Like many coaches and teachers across the country, once in a while I come up with what turns out to be a new and effective teaching strategy. New ideas often come to me while at professional conferences, reading online, or simply talking with colleagues. I then take the idea and modify it to best fit my teaching environment. One such idea I’d like to share with you is a take-home activity journal.
When my girls were in school, I can remember them bringing home a classroom journal. They had to spend time writing about a topic that had been introduced on in class. In physical education, I once heard a teacher talk about giving their students small stuffed animals to play with at home, then encouraging them to write about the experience in a journal. In one instance, the kids were even given permission to take the animal on vacation with them and write about it.
My version of physical education journaling comes from this idea. I call it “Fun With Buddy.” “Buddy” is a stuffed animal. It’s one of those monkeys with really long arms and legs that have Velcro on them. I was able to get these donated to my program and have acquired 12 of them. This covers all of our grade 1-3 classrooms. Our principal was able to find book money to get us grade-level appropriate books that support being physically active. I put together a journal with blank pages. Each page has a space for the kids to write about what they did with Buddy over the weekend. The pages also have a place for the kids to either draw a picture of what they did, or to stick a photo of them in action with Buddy. And to keep all the items secure, our Home and School Association (H.S.A.) donated string bags.
That’s right, you read it correctly. I want to become obsolete – over and over and over again! Now let me explain myself. I teach in an elementary building that houses grades K-4. Our middle schools run from 5th to 8th grade and our High School holds grades 9-12. I want to present my material in such a way that when my students “graduate” from my building, they don’t need me anymore. I want them to know everything that they possibly should to be able to do but especially the following two things: First, I want them prepared to go into their summer vacation able to be physically active 10-year-old individuals. Second, I want to empower them to return to school in September armed with everything they need to be able to build on their skills and knowledge in our middle school physical education curriculum.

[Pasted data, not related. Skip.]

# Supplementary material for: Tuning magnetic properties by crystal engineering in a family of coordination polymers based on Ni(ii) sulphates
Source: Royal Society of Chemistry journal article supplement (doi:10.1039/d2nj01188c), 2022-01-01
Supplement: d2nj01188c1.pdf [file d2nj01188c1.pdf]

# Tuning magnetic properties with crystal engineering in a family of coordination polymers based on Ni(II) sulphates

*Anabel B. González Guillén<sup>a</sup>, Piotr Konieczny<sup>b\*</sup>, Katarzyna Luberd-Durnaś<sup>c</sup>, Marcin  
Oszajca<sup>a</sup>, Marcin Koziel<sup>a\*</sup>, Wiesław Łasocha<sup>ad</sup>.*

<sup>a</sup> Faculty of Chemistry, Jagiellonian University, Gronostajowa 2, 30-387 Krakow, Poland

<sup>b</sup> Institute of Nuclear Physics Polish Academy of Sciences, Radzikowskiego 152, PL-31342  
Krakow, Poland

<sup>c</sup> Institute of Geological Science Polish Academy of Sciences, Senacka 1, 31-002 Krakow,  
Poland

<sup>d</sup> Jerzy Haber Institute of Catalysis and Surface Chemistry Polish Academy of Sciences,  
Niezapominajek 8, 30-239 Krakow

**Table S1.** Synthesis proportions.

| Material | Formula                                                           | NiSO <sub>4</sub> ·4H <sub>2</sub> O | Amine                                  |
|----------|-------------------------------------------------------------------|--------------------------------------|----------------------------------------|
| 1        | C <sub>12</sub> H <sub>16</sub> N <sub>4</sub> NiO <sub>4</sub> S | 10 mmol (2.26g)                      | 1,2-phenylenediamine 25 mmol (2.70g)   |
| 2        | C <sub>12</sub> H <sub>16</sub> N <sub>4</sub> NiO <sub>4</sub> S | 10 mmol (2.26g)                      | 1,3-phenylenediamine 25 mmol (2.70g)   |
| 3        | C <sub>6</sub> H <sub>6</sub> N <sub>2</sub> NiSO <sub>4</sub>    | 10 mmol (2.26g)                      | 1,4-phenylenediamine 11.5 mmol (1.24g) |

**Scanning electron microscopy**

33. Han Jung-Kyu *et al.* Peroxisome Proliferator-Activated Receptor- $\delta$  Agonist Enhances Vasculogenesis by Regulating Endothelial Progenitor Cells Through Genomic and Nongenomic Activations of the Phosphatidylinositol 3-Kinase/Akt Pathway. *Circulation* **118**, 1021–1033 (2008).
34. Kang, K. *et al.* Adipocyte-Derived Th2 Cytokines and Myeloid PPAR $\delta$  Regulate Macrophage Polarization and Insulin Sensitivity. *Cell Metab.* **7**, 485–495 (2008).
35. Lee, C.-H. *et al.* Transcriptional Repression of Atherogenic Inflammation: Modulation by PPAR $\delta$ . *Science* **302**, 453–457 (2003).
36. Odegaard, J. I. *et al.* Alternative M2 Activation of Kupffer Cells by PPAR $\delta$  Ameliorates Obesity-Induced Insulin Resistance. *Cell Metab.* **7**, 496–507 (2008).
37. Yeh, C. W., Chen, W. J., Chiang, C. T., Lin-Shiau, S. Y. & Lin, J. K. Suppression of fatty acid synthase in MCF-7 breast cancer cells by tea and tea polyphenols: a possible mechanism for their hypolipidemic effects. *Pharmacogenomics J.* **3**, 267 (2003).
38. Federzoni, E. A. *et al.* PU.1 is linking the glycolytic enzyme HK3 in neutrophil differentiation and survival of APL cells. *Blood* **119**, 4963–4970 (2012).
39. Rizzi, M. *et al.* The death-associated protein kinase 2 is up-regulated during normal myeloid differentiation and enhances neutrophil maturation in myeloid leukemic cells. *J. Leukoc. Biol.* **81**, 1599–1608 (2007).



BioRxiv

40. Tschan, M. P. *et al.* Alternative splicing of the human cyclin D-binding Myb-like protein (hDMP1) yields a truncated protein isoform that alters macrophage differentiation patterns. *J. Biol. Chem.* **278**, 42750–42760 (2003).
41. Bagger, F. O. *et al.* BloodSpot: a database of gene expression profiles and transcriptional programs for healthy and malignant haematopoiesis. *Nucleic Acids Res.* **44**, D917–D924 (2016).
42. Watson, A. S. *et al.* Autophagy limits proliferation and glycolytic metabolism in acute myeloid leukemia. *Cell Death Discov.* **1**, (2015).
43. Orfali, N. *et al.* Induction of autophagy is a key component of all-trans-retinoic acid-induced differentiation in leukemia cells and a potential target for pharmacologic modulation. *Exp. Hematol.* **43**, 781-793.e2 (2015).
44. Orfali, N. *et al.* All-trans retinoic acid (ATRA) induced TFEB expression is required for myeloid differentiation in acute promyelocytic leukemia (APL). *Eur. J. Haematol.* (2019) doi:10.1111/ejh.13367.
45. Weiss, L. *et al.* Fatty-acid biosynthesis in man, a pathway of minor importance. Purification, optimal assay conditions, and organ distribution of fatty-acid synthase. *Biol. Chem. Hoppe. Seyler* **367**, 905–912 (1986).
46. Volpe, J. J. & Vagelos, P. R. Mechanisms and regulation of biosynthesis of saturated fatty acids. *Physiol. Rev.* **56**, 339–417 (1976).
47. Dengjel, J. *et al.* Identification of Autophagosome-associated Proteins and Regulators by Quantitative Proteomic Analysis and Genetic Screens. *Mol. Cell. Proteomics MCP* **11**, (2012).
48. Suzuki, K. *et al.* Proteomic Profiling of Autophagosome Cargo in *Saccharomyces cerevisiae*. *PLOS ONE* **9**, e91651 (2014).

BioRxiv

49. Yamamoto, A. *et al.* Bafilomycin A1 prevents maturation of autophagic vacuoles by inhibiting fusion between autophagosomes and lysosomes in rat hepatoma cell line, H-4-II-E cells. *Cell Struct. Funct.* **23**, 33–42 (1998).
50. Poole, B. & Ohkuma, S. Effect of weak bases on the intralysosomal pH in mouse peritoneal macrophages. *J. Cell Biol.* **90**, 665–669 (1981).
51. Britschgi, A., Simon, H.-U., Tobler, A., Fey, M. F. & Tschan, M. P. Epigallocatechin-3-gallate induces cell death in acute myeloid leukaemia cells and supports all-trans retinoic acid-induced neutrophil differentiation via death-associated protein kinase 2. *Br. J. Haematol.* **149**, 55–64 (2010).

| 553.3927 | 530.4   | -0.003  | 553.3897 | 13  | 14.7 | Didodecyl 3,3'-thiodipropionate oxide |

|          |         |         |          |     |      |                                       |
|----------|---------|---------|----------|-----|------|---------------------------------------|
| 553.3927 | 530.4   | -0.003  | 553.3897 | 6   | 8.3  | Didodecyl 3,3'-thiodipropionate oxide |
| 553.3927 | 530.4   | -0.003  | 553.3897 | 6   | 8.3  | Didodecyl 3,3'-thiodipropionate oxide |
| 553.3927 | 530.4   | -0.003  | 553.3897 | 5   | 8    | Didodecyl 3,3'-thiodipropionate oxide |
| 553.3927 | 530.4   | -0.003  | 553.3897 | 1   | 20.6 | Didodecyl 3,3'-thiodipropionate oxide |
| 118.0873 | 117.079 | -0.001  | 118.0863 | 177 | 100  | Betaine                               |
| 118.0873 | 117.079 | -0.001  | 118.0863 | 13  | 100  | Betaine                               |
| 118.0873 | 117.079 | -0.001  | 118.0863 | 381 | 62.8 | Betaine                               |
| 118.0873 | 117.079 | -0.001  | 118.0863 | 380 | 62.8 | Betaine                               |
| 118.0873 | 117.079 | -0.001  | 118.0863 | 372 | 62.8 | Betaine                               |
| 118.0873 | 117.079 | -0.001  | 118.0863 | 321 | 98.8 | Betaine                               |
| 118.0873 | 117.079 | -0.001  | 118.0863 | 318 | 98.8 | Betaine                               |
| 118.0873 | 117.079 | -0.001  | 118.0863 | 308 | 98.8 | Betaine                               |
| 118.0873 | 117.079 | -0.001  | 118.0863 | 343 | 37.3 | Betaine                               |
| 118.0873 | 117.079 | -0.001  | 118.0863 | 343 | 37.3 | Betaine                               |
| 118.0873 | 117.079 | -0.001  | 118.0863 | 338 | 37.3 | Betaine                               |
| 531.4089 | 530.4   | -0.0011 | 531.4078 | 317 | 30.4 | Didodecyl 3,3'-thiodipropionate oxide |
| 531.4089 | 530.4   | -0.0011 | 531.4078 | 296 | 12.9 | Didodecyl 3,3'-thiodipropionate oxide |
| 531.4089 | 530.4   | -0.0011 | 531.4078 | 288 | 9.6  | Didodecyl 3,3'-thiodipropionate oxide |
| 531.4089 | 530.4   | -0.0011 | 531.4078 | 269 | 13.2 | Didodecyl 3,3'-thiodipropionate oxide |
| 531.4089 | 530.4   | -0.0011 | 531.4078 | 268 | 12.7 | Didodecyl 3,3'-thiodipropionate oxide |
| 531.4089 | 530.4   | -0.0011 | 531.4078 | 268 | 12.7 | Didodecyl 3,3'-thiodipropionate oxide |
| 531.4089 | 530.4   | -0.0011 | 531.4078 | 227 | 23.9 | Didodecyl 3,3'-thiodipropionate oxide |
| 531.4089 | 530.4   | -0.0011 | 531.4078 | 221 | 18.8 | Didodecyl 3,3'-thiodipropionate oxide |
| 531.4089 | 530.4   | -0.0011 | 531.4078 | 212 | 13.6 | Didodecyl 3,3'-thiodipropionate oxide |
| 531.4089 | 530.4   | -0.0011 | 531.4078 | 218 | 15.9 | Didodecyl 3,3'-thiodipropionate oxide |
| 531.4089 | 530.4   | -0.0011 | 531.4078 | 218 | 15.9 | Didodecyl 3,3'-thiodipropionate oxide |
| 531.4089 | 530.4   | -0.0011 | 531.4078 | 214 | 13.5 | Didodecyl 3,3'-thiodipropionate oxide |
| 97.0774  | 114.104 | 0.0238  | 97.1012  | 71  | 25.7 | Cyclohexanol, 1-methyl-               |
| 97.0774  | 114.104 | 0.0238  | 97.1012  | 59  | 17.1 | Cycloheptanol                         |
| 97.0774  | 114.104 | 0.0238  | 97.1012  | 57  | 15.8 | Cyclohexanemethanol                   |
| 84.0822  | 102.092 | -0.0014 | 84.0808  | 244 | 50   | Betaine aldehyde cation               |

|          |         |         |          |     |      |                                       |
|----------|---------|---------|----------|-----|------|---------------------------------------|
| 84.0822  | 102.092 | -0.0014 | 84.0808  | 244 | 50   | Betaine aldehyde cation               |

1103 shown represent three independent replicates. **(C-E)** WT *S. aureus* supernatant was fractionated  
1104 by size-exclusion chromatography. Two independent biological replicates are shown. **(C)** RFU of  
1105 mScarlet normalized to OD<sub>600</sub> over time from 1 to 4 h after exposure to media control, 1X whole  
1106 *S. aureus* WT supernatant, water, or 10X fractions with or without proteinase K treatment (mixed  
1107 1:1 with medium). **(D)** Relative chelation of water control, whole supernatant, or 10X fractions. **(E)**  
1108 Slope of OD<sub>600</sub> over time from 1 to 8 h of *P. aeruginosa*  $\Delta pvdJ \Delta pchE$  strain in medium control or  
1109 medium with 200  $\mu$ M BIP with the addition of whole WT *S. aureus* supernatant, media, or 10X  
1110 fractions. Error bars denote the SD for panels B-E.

I’ve realized I need to keep both the short term and long term in mind when I plan and teach my lessons. In the short term, I need to ask if I am teaching them the skills they’ll need to be able to enjoy being active on their own? I don’t want to create basketball players, soccer players or any other kind of “player.” Rather I want to teach my classes to enable my students to feel comfortable and enjoy using a basketball, soccer ball, or any other kind of equipment; either on their own, or with their friends. Have I taught them how to organize and play something that they made up themselves? Do they know how all of those skills I taught them can fit into something fun to do?
If I were to see one of my students at a playground over the summer with a ball, I’d hope to see them enjoying themselves using it. Maybe they are shooting baskets with their dad, or mom? Maybe they are bouncing the ball as high as they can and trying to catch it? Maybe they are seeing how far or how high they can kick it? If they don’t have anything with them, I hope I would see them creating something constructive and fun to do. Maybe climbing on a playground structure, or a nearby tree? Maybe having fun running and chasing each other? How about something like asking their mom if they can ride bikes together? What I hope I don’t see them doing is sitting still, all by themselves.
By now, many of our New Year’s resolutions have come and gone. Good intentions don’t have the best track record when it comes to longevity. Well meaning ideas don’t always last. That being said, what is it that we can do to keep our students and us motivated for the long haul?
Most of us work hard to present physical activity to our kids in ways that connect with them. Ultimately, we want our kids to take ownership of their own fitness and to find the best way that they can use it to be healthy and productive people, no matter their age. But teaching them to how to motivate themselves can sometimes be challenging.
Few teachers don’t have “go-to sayings” that they fall back on in their classes. These expressions speak to the heart of our programs. Goodness knows that if you are looking for these, a quick Google search will overwhelm you with options. However, rather than risk asking you to do something like that, I’ve found a few phrases that have stood the test of time for me no matter what I happen to be teaching at the time. See what you think.